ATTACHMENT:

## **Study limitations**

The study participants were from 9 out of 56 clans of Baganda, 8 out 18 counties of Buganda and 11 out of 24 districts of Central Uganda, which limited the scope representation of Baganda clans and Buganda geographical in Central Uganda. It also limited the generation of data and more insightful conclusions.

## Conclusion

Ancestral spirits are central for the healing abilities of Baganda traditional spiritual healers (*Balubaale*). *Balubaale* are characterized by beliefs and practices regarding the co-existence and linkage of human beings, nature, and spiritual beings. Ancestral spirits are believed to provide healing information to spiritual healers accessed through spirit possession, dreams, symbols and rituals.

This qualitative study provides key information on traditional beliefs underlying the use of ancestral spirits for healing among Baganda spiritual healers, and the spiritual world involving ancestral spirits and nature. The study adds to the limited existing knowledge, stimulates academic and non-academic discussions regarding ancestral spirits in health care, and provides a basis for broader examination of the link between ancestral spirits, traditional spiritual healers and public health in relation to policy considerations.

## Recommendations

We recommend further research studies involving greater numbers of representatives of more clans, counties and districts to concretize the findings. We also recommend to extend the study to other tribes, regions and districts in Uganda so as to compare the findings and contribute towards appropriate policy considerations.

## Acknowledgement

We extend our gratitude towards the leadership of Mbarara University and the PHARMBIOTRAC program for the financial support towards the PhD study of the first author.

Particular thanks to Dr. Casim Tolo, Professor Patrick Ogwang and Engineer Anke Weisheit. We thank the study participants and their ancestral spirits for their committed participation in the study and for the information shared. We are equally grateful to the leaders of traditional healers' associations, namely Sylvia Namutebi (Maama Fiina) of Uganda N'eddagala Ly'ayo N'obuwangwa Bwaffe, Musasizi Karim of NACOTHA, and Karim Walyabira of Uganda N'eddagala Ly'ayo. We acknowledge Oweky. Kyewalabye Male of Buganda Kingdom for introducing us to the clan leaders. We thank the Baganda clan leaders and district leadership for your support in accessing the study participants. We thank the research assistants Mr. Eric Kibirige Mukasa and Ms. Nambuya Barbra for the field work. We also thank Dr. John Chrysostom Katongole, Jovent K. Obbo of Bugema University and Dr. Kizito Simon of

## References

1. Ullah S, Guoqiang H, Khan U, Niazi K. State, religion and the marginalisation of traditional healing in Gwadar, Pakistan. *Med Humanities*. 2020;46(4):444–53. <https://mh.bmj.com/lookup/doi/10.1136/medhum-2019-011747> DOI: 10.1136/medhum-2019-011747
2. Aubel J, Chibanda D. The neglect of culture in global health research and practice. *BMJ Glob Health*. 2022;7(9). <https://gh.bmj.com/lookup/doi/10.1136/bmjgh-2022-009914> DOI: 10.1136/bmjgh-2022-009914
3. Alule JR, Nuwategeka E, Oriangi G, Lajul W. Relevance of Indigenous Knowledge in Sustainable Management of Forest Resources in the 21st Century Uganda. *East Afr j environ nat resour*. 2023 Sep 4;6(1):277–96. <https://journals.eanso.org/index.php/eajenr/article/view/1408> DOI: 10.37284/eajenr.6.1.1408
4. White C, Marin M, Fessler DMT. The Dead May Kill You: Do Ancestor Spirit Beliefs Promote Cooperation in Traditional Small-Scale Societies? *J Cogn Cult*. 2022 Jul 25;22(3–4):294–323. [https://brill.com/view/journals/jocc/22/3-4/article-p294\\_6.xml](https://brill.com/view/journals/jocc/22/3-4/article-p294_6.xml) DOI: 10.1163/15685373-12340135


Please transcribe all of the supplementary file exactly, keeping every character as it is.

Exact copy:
## **Study limitations**

The study participants were from 9 out of 56 clans of Baganda, 8 out 18 counties of Buganda and 11 out of 24 districts of Central Uganda, which limited the scope representation of Baganda clans and Buganda geographical in Central Uganda. It also limited the generation of data and more insightful conclusions.

## Conclusion

Ancestral spirits are central for the healing abilities of Baganda traditional spiritual healers (*Balubaale*). *Balubaale* are characterized by beliefs and practices regarding the co-existence and linkage of human beings, nature, and spiritual beings. Ancestral spirits are believed to provide healing information to spiritual healers accessed through spirit possession, dreams, symbols and rituals.

This qualitative study provides key information on traditional beliefs underlying the use of ancestral spirits for healing among Baganda spiritual healers, and the spiritual world involving ancestral spirits and nature. The study adds to the limited existing knowledge, stimulates academic and non-academic discussions regarding ancestral spirits in health care, and provides a basis for broader examination of the link between ancestral spirits, traditional spiritual healers and public health in relation to policy considerations.

## Recommendations

We recommend further research studies involving greater numbers of representatives of more clans, counties and districts to concretize the findings. We also recommend to extend the study to other tribes, regions and districts in Uganda so as to compare the findings and contribute towards appropriate policy considerations.

## Acknowledgement

We extend our gratitude towards the leadership of Mbarara University and the PHARMBIOTRAC program for the financial support towards the PhD study of the first author.

Particular thanks to Dr. Casim Tolo, Professor Patrick Ogwang and Engineer Anke Weisheit. We thank the study participants and their ancestral spirits for their committed participation in the study and for the information shared. We are equally grateful to the leaders of traditional healers' associations, namely Sylvia Namutebi (Maama Fiina) of Uganda N'eddagala Ly'ayo N'obuwangwa Bwaffe, Musasizi Karim of NACOTHA, and Karim Walyabira of Uganda N'eddagala Ly'ayo. We acknowledge Oweky. Kyewalabye Male of Buganda Kingdom for introducing us to the clan leaders. We thank the Baganda clan leaders and district leadership for your support in accessing the study participants. We thank the research assistants Mr. Eric Kibirige Mukasa and Ms. Nambuya Barbra for the field work. We also thank Dr. John Chrysostom Katongole, Jovent K. Obbo of Bugema University and Dr. Kizito Simon of

## References

1. Ullah S, Guoqiang H, Khan U, Niazi K. State, religion and the marginalisation of traditional healing in Gwadar, Pakistan. *Med Humanities*. 2020;46(4):444–53. <https://mh.bmj.com/lookup/doi/10.1136/medhum-2019-011747> DOI: 10.1136/medhum-2019-011747
2. Aubel J, Chibanda D. The neglect of culture in global health research and practice. *BMJ Glob Health*. 2022;7(9). <https://gh.bmj.com/lookup/doi/10.1136/bmjgh-2022-009914> DOI: 10.1136/bmjgh-2022-009914
3. Alule JR, Nuwategeka E, Oriangi G, Lajul W. Relevance of Indigenous Knowledge in Sustainable Management of Forest Resources in the 21st Century Uganda. *East Afr j environ nat resour*. 2023 Sep 4;6(1):277–96. <https://journals.eanso.org/index.php/eajenr/article/view/1408> DOI: 10.37284/eajenr.6.1.1408
4. White C, Marin M, Fessler DMT. The Dead May Kill You: Do Ancestor Spirit Beliefs Promote Cooperation in Traditional Small-Scale Societies? *J Cogn Cult*. 2022 Jul 25;22(3–4):294–323. [https://brill.com/view/journals/jocc/22/3-4/article-p294\\_6.xml](https://brill.com/view/journals/jocc/22/3-4/article-p294_6.xml) DOI: 10.1163/15685373-12340135